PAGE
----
What lab techniques exist to differentiate between single-strand and double-stranded DNA?

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    – tyersome
    Commented Nov 2, 2019 at 23:08

1 Answer 1


Single and double stranded DNA have different electrophoretic mobilities, ssDNA will move faster on an agarose gel, so if you know the length of your DNA and it moves further than you expect relative to a dsDNA ladder it's probably ssDNA. The hyperchromic effect means that ssDNA also absorbs more strongly than dsDNA, so you can heat up your DNA and if the absorbance changes it was dsDNA and if it doesnt then its ssDNA (you should take an aliquot for this so that you have the rest of your sample in tact). You could also take an aliquot and add a single stranded exonuclease and run the products on a gel together with the DNA before the digestion, if nothing is present after in the digested well then you had ssDNA if there is still a band after then you had dsDNA (i don't think this method is really used as you could just run it on a gel which is simpler and you lose less sample, but it should still work).

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    $\begingroup$ +1 but I'd like to add an important caveat: intercalating dyes that allow visualization of dsDNA on a gel may not bind strongly or at all to ssDNA. So if OP does plan on doing gel visualization of mixed single- and double-stranded nucleic acids, consider using a dye like ethidium homodimer-1 or -2. Good source for dye selection here. $\endgroup$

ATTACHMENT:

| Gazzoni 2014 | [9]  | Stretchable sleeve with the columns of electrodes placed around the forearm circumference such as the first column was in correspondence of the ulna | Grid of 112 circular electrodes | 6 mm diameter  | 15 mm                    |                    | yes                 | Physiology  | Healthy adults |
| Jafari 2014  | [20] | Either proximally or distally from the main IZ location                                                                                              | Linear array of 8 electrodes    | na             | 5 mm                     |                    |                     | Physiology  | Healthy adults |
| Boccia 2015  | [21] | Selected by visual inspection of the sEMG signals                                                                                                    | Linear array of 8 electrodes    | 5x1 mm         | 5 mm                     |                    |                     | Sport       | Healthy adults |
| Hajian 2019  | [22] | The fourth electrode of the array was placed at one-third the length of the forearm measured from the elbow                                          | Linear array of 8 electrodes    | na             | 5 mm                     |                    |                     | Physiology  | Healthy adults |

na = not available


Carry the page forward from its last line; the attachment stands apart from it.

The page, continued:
– acvill
    Commented Nov 4, 2019 at 15:13
  • $\begingroup$ yes thats true you do definitely see a weaker band, so you do have to load more DNA or use a more sensitive dye. I've done with a couple of 100 ng with sybr safe and that has been fine, but it depends if you have that to spare. $\endgroup$ Commented Nov 4, 2019 at 16:11
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    $\begingroup$ @Dirigible Actually the fact that certain dyes bind ssDNA & dsDNA with different strenght can itself be used to differentiate between them. (As long as concentrations are known / comparable). Many qPCR systems also rely on that to measure melting curves, i.e. using dyes like SYBR $\endgroup$
    – Nicolai
    Commented Nov 6, 2019 at 15:55
  • $\begingroup$ @pepsiandsoda I have a doubt...Wouldn't the absorbance also change for ssDNA as we heat it because it is also in some weird coiled shape and that shape must be due to hydrogen bonds which might not let the ssDNA to absorb the light fully. With increase in temperature, these bonds will break and absorbance must increase, although the increase might be small... $\endgroup$ Commented Feb 19, 2020 at 5:45

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